BY OFFICER THOMAS: That's right.
BY MR. YOUNG: And did she also identify that knife as the knife she saw in Eric Agnew's hand?
BY OFFICER THOMAS: That's correct.
Again, there was no objection from Agnew. All three of these instances occurred on the first day of the trial. Misty's testimony that is now in question occurred in the morning on the second day of the trial.
¶ 25. Agnew argues he believed the reference by the State in its opening statement was only rhetorical and demonstrated the State's intent to introduce statements that would only create circumstantial evidence linking Agnew to the knife. This is of no consequence. Agnew had heard that Misty would identify the knife as being the same one Agnew used to stab her sister at least three times before Misty ever took the witness stand. He neither objected to this information nor told the trial judge he had no prior knowledge the witness could identify the weapon as the murder weapon until the court recess at the conclusion of her testimony.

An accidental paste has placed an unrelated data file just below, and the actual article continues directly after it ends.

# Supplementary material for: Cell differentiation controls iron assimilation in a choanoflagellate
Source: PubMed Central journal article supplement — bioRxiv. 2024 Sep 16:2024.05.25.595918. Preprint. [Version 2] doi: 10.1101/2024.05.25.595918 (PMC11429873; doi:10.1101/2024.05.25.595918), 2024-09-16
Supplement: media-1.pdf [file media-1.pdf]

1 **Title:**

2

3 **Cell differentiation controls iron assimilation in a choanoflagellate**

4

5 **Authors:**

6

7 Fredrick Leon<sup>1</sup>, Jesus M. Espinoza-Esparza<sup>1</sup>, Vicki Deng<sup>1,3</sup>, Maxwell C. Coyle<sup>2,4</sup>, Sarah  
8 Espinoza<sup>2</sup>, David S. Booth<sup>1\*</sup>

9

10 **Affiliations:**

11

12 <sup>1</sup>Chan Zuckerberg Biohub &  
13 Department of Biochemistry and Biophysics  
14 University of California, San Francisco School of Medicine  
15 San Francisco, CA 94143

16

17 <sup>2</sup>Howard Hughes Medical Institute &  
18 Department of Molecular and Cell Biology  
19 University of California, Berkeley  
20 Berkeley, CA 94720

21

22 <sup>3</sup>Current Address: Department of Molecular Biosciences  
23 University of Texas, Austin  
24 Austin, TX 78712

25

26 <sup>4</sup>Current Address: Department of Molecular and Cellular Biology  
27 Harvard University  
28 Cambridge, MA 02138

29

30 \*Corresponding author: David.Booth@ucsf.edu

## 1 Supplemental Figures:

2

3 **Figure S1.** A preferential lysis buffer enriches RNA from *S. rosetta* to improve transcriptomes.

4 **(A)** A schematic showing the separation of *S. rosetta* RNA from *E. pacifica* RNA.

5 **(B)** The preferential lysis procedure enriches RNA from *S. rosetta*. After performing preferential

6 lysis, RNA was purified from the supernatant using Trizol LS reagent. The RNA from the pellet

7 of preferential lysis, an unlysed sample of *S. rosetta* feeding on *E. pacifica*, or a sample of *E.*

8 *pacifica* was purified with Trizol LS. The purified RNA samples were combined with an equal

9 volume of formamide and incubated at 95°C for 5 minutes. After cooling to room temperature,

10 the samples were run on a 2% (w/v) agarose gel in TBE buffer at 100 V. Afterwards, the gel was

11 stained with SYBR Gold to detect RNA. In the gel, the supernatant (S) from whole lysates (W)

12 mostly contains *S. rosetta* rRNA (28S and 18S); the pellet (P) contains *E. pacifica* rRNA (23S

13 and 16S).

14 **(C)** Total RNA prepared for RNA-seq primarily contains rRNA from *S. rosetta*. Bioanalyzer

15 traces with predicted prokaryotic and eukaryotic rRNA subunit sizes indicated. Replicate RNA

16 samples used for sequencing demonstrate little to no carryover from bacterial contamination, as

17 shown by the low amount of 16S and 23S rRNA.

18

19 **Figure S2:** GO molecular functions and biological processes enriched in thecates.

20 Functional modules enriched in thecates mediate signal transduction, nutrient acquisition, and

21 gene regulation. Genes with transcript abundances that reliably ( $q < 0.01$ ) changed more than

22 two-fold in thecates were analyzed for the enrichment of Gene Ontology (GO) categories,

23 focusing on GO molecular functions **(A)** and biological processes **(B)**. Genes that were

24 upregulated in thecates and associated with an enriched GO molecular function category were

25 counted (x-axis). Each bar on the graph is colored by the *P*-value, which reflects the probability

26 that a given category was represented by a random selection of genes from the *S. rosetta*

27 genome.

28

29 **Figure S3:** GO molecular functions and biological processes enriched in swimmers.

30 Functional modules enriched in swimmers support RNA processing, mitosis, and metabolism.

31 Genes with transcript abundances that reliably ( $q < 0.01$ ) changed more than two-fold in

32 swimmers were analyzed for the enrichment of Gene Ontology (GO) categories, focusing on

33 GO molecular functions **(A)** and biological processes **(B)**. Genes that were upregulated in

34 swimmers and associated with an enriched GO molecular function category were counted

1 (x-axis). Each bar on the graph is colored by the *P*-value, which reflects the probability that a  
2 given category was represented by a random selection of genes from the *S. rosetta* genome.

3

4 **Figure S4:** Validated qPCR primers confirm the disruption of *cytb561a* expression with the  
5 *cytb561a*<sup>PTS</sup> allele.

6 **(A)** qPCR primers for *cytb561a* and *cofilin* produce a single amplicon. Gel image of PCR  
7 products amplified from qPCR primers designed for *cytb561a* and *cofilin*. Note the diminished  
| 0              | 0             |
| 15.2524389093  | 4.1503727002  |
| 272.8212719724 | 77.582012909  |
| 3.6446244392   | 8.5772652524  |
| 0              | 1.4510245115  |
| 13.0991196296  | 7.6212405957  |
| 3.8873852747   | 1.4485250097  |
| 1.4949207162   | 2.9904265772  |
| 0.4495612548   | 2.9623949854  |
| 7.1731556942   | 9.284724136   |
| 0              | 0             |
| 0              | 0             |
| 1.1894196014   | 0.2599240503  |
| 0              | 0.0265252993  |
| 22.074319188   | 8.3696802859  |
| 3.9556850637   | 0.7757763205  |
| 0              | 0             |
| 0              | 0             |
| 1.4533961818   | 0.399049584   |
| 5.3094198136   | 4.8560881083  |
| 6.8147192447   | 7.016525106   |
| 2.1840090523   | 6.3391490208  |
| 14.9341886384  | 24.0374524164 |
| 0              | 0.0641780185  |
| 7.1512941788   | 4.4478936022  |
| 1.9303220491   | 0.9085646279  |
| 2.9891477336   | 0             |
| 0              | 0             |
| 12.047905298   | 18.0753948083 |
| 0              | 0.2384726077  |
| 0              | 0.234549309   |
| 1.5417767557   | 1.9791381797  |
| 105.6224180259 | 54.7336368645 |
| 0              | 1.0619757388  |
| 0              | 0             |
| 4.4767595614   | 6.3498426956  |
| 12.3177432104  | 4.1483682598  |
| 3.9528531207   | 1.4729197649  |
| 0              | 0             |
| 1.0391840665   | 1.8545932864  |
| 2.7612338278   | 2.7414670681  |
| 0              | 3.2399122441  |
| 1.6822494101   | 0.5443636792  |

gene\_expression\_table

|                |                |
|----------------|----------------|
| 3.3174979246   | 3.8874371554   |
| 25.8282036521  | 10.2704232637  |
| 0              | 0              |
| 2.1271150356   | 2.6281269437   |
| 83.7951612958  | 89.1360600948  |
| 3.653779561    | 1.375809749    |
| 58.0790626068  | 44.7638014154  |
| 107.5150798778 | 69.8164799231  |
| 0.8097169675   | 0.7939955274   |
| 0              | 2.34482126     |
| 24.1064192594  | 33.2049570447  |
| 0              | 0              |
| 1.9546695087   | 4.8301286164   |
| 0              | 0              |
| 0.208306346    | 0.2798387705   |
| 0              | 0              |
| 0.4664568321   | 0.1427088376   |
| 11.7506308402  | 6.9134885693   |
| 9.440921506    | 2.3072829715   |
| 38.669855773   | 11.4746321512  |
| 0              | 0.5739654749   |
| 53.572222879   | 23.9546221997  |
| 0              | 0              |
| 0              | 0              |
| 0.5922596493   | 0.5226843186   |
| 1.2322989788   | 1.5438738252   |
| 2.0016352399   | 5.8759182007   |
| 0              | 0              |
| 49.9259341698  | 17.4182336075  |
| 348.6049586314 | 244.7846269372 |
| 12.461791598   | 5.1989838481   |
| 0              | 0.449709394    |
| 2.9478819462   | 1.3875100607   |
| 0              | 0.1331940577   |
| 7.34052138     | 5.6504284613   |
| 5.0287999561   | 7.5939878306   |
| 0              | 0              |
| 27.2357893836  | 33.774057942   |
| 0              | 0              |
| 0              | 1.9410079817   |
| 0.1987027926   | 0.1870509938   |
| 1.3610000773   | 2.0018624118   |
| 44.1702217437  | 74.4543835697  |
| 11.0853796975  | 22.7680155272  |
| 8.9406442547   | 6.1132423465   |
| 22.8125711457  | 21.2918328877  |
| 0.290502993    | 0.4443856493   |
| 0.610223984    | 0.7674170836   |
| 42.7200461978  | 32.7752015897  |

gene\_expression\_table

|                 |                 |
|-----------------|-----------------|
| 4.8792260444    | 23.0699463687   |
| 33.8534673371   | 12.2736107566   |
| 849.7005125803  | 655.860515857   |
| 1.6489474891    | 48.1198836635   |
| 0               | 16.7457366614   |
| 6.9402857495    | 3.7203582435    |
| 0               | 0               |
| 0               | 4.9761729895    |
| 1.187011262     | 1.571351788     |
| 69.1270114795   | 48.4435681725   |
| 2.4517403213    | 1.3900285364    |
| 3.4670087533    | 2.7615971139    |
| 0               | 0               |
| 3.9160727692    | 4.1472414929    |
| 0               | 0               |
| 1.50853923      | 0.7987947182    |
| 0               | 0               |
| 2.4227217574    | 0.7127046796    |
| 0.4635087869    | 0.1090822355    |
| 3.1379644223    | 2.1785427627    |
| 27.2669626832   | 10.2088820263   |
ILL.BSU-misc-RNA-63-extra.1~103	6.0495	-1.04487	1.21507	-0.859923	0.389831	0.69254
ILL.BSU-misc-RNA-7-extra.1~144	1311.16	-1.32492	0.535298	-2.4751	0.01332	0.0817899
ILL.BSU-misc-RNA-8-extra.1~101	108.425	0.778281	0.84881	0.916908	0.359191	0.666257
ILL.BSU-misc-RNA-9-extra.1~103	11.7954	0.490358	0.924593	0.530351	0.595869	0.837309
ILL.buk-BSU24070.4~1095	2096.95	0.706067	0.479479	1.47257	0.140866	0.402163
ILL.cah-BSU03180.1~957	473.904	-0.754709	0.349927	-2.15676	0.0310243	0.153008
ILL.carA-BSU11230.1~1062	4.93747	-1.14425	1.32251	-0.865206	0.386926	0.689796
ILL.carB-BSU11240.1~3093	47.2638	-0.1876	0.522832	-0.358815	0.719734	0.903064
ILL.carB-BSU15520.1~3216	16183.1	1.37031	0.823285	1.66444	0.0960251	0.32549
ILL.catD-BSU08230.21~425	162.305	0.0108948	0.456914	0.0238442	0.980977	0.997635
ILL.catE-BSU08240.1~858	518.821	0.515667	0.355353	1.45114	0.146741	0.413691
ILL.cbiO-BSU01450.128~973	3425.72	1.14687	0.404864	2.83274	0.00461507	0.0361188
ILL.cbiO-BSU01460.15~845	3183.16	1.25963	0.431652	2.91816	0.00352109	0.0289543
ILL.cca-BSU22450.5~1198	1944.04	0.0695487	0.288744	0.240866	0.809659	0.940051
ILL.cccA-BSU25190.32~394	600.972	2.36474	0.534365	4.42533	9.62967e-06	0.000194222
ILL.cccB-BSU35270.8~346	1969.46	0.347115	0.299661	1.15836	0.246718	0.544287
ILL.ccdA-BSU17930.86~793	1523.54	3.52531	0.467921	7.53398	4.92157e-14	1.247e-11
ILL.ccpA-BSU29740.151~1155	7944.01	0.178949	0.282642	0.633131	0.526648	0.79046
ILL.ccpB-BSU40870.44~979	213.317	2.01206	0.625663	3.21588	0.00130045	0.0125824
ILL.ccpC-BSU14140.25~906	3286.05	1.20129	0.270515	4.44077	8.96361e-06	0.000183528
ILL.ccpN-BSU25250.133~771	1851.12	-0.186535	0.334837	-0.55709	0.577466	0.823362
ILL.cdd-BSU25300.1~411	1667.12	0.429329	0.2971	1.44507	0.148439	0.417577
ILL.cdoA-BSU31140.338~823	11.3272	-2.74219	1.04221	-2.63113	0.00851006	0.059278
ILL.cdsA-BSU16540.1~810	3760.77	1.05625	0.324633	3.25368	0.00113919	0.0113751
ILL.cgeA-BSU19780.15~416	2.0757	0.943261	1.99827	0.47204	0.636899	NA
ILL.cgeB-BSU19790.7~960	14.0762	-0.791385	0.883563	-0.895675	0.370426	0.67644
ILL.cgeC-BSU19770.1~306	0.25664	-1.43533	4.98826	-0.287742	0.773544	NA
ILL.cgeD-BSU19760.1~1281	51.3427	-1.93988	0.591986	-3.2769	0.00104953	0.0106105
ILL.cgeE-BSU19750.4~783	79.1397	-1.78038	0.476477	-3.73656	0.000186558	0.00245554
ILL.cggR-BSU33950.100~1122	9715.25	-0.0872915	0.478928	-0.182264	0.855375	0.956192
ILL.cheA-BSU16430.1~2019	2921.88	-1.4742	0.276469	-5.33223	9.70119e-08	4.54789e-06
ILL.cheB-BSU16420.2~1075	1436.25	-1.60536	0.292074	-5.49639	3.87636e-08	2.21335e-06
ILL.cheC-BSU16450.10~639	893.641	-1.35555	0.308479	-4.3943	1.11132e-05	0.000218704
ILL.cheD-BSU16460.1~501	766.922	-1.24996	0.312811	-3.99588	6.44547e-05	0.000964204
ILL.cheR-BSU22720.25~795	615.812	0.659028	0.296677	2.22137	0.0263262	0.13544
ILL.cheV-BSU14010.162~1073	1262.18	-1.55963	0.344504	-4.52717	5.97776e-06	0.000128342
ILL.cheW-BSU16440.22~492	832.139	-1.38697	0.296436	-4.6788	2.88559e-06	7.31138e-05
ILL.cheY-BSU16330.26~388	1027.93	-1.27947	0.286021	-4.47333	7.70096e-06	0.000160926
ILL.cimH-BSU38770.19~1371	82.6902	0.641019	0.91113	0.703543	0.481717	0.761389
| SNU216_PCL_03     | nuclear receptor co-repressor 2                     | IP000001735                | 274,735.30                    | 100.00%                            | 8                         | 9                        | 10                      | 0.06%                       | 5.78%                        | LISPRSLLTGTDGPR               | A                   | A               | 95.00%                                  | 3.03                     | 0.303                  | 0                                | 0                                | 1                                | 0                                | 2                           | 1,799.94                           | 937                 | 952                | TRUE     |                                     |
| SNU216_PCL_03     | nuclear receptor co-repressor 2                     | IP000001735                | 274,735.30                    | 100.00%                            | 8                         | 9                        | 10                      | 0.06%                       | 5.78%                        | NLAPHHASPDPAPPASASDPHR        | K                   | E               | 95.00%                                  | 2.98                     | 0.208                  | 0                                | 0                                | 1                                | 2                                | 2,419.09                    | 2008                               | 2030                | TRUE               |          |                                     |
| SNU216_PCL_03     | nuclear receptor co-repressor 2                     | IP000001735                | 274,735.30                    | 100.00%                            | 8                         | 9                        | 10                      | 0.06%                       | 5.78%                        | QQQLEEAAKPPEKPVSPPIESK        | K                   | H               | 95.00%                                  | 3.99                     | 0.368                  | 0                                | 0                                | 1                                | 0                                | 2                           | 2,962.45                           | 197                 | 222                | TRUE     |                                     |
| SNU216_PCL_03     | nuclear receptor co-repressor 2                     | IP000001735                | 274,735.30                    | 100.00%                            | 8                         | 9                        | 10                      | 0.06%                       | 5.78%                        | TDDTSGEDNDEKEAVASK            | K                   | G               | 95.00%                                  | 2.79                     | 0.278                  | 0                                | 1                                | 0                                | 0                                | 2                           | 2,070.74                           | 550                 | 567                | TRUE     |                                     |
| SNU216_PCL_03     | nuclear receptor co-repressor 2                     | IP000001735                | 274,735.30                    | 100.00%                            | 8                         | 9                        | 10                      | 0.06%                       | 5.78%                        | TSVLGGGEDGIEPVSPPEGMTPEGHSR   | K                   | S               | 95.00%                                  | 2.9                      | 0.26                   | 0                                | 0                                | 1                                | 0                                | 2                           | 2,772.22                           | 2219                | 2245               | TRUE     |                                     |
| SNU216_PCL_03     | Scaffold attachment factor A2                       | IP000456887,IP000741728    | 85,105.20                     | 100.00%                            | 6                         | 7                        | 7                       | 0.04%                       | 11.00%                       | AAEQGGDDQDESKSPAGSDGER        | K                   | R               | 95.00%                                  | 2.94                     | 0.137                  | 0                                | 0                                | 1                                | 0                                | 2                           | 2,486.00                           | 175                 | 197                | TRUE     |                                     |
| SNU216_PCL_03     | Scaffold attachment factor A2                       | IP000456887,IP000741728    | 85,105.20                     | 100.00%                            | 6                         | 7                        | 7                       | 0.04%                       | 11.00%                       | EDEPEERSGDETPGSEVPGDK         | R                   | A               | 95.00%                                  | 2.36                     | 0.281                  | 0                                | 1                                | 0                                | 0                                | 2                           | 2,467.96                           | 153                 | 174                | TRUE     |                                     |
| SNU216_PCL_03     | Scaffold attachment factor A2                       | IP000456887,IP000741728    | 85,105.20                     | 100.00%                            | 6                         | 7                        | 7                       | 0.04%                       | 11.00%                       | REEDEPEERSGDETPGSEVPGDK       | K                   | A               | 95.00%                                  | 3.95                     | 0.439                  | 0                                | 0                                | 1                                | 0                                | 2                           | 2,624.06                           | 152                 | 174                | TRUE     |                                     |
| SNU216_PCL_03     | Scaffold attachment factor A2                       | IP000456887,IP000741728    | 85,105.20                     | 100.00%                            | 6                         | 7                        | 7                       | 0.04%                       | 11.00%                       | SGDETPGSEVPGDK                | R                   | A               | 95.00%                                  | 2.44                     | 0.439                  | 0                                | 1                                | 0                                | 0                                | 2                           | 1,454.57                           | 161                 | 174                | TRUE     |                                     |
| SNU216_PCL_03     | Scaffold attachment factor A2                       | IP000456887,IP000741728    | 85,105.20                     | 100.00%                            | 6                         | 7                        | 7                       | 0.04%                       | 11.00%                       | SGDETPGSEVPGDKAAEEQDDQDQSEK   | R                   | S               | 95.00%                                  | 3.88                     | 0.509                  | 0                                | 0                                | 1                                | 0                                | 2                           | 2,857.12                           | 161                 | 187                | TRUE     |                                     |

¶ 26. Ordinarily, when the defense alerts the trial judge to the prosecution's attempt to introduce evidence which has not been timely disclosed, and the defense objects for that reason, the court shall act as follows:
1. Grant the defense a reasonable opportunity to interview the newly discovered witness, to examine the newly produced documents, photographs or other evidence; and
2. If, after such opportunity, the defense claims unfair surprise or undue prejudice and seeks a continuance or mistrial, the court shall, in the interest of justice and absent unusual circumstances, exclude the evidence or grant a continuance ․ or grant a mistrial.
U.R.C.C.C. 9.04 I.1., 2.